Thursday, September 9, 2010

On the Slush Pile Apocalypse and Other Myths of Self-Publishing – Part 1


A persistent meme about self-publishing is that the ability of writers to independently publish to the Kindle for free and to POD platforms like CreateSpace at minimal cost will inevitably lead to irresponsible and talentless hacks burying the reading public in a mountain of slush.

In a Salon article that attracted a lot of attention, Laura Miller wrote:

Will readers have to flounder in an ocean of slush before the new gatekeepers appear to rescue them? And if so, how long before they contract slush fatigue? A few days of reading bad manuscript after bad manuscript has a tendency to make you never want to pick up another manuscript again, but when finding new talent is your job and your vocation, you keep at it until you're successful enough to hire someone else to do it for you. If, on the other hand, you're a civilian, and reading is something you turn to, seeking fun or transcendence, during your precious hours of free time, how long will you persist when book after book has exactly the opposite effect, crushing your spirit instead of refreshing it? How long before you decide to just give up?

Currently there are a couple of threads over at Kindleboards lamenting this as well.

So the question, to me, becomes: Where is the mountain of slush we were promised, and told to fear? The Kindle has been out for three years. Shouldn’t we be drowning in the slush by now?

Bowker reports that in 2009 traditional publishing produced 288,355 new titles and new editions.

That was down slightly in a recession year, but not to a degree material to our concerns here. 2008 and 2007 showed similar numbers, and we can assume 2010 will as well.

By the time the Kindle’s 3rd anniversary runs around in November, there will probably be around 690,000 titles available in the Kindle Store. That means that Kindle Store title growth is averaging around 230,000 titles a year. In other words, the ebook platform that we’re told will be a fire hose spraying all readers everywhere with slush is currently adding fewer titles a year than the traditional publishing world is adding the old-fashioned way.

And it’s important to note that these years should be the Kindle Store’s peak title growth years, because there’s a huge backlog of existing print titles being formatted for Kindle and added to the store. Right now, right this very moment, should be the peak slush era also - all the unpublished authors between the ages of 20 and 70 should have a giant trunk full of titles available to add to the Kindle with minimal effort. So even with a huge backlog of "shovel ready" content available, and no barrier to entry, the Kindle Store can’t grow its title base as fast as traditional print publishing is growing its own – let alone increase it at the kind of exponential rate people seem to fear. The titles aren’t appearing the way they should be.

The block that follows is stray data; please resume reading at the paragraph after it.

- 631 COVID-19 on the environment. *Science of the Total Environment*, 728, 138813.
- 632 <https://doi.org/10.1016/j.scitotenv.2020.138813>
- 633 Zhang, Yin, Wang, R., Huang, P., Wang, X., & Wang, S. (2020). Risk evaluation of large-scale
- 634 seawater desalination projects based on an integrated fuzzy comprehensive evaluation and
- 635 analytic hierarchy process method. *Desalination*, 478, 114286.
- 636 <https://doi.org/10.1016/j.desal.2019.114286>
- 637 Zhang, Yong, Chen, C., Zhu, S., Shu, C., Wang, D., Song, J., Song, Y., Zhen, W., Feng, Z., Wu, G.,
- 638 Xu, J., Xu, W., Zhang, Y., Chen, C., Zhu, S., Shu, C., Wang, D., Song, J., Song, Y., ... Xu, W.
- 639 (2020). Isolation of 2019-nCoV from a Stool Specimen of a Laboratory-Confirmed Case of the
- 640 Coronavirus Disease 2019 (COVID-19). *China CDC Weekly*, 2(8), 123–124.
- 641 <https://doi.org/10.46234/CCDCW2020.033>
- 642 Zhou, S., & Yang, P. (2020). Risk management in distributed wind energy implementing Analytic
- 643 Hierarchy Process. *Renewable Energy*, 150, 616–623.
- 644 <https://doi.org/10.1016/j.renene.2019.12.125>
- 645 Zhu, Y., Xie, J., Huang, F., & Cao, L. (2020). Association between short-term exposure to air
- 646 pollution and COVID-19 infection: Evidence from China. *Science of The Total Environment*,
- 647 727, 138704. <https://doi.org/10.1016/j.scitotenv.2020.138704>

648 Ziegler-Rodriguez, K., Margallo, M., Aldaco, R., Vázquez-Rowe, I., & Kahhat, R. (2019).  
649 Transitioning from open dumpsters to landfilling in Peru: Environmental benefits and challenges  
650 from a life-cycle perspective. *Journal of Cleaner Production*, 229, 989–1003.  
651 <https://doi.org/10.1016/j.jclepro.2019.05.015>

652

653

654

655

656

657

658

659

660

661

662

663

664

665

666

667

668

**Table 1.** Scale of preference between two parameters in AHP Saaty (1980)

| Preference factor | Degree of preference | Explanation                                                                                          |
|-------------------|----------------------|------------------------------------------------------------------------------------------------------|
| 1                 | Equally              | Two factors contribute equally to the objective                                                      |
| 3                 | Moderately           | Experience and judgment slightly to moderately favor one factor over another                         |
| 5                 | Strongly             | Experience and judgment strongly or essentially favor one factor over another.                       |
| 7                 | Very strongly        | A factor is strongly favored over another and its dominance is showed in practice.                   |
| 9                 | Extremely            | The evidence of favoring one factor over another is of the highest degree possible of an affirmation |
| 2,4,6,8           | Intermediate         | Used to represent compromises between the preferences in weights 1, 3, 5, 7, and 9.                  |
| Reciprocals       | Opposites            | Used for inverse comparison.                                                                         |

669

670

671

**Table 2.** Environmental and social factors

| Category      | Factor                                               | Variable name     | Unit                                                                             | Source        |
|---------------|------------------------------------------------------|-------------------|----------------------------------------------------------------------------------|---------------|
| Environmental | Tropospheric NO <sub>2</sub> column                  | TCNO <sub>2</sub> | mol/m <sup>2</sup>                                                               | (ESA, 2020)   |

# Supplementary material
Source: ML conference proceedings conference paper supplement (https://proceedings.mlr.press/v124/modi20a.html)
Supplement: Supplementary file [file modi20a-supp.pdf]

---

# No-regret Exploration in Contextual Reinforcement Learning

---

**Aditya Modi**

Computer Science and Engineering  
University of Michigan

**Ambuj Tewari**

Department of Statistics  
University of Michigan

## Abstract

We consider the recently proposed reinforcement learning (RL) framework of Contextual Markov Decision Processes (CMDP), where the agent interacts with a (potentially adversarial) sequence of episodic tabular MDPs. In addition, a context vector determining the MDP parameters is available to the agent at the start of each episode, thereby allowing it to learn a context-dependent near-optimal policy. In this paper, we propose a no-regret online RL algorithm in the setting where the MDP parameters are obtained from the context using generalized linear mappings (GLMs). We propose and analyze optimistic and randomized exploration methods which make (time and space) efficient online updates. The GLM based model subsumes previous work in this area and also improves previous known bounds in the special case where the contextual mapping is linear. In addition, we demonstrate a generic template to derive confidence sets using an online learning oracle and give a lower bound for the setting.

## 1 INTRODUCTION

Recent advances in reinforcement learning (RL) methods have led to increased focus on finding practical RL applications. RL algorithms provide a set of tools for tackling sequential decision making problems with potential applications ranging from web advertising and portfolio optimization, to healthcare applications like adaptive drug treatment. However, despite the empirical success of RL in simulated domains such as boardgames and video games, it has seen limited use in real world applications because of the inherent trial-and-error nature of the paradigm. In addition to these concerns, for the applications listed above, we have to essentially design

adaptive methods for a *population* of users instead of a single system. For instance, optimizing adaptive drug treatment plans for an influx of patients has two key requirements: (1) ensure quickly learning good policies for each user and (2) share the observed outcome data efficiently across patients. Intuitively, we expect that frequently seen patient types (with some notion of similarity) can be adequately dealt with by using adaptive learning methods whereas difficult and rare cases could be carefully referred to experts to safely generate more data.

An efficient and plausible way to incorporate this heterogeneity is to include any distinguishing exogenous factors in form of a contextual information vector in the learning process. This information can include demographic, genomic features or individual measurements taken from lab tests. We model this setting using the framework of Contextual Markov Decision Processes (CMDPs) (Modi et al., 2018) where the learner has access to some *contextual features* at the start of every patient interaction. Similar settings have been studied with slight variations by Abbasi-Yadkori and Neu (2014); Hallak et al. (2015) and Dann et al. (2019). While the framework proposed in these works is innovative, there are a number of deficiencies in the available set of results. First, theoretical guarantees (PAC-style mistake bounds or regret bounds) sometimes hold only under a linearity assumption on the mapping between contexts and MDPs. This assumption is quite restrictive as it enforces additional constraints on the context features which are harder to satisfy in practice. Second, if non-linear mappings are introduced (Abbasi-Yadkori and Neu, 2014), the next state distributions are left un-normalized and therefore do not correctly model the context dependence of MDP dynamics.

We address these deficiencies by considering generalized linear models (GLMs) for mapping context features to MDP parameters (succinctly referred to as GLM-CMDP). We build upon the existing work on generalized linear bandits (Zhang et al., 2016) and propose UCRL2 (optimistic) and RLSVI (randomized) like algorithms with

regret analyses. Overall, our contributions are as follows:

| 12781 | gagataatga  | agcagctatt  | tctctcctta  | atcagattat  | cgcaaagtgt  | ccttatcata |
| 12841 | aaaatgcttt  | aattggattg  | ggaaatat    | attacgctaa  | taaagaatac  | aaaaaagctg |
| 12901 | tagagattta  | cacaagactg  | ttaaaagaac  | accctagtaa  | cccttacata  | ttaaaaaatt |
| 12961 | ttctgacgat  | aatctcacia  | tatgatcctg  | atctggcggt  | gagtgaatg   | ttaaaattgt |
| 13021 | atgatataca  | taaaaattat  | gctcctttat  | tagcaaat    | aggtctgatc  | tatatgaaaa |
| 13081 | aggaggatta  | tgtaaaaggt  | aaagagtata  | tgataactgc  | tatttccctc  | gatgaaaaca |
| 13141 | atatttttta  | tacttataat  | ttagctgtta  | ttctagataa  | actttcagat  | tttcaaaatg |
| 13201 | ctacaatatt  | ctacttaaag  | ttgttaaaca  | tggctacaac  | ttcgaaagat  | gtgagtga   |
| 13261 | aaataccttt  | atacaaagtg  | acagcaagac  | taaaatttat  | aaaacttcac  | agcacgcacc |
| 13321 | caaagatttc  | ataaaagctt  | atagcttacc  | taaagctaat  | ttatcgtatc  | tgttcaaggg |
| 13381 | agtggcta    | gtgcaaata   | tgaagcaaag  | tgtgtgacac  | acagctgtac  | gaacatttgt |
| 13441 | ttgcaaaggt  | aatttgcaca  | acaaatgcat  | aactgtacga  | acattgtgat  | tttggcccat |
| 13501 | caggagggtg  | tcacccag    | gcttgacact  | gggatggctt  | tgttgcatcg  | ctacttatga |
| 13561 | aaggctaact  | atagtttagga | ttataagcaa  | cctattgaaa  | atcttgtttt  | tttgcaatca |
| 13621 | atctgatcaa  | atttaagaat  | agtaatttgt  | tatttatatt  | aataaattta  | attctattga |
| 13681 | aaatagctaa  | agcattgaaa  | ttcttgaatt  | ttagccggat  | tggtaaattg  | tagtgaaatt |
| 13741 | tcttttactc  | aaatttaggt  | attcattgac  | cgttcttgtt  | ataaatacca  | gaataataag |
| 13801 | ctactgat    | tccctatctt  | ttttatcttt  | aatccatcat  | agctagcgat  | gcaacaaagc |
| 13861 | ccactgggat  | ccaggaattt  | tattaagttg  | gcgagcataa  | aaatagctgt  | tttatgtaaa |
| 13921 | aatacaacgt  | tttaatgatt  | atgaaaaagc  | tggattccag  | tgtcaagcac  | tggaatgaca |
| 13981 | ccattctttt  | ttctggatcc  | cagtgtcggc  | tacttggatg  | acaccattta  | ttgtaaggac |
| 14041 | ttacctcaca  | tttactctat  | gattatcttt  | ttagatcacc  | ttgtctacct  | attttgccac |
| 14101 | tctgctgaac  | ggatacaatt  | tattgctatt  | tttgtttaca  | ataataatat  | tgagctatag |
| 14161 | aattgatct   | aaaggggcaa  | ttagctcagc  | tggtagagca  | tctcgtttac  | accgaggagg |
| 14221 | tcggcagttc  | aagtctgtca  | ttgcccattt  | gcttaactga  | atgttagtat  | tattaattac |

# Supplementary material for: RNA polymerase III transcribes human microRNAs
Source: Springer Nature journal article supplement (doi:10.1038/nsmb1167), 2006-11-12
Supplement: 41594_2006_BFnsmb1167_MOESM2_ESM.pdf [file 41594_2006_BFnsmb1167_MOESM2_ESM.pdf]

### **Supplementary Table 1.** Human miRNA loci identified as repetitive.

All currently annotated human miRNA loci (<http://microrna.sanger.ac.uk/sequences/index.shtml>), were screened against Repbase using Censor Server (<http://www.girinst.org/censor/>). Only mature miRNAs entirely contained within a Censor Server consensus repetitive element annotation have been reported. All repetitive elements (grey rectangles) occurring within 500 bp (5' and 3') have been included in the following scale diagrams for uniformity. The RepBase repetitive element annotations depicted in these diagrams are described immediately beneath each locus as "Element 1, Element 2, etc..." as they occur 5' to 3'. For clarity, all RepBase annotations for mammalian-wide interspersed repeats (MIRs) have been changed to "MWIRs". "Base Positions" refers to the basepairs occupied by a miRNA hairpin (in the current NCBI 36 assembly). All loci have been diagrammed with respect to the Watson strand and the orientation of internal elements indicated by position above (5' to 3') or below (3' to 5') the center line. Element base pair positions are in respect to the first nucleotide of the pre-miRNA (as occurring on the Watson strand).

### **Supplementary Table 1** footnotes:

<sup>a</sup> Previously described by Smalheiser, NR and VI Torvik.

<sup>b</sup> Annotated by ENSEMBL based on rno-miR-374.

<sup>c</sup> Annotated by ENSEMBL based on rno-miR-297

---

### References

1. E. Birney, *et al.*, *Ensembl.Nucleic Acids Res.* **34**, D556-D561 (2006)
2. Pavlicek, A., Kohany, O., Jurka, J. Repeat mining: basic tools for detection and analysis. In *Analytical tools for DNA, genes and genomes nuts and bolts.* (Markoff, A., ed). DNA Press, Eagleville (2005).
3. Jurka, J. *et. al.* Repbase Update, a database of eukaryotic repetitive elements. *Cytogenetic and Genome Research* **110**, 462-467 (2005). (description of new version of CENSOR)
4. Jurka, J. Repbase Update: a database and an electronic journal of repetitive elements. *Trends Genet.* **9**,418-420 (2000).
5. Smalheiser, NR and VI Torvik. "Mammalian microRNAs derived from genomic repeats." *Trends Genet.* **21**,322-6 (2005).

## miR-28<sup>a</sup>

So where are they? They. Just. Aren’t. There.

Why aren’t they there? I have a couple of theories. I’ll talk about them in tomorrow’s blog post.



  1. I've heard a few people talking about this as if it's a reality. I have my own personal backlog of tbr books, but I can't call it a "slush pile" as most of my books are carefully chosen by means of review sites, recommendations, and whether or not the blurb is well written. I know a few people who go on Amazon, Smashwords and other sites, and just download every single free thing they can find. Now THAT'S a slush pile.

    Looking forward to your theories. I have a few of my own. :)

  2. Any way you cut it, 230,000 self-published books in one year is a huge number of books. It's a slush Everest, that's for sure. Furthermore, the effect is cumulative, assuming few people will delete their offering(s) from the Kindle store.

    I think the numbers are huge, but largely poses no danger, since all but a handfull of self-published books go unnoticed, whether they are ebooks or printed books.

  3. That 230,000 figure is for ALL books added to the Kindle Store each year, from all publisher and author sources.

    If the Kindle Store is adding titles at a rate that doesn't even equal the number of new traditionally-published titles, it really can't be said that it's suffering from an excessive rate of title growth.

    The Kindle Store is less crowded and saturated than the print market, since apparently print publishers can't be bothered to produce Kindle versions of all of their new titles each year. Let alone their backlist.

    Apparently all but a handful of traditionally-published titles go unnoticed every year also, if there are 288,000 of them or more.

  4. Hi there, I'm over from the Kindle boards and am enjoying your blog. Thanks for presenting some numbers in this post. Very enlightening. My question has always been this: how is having to wade through slush different now that indies are out there among the traditionally published? No matter what, readers always have to wade through the muck to get to the reward. Just because a book is "vetted" by a publisher, it doesn't guarantee a good read.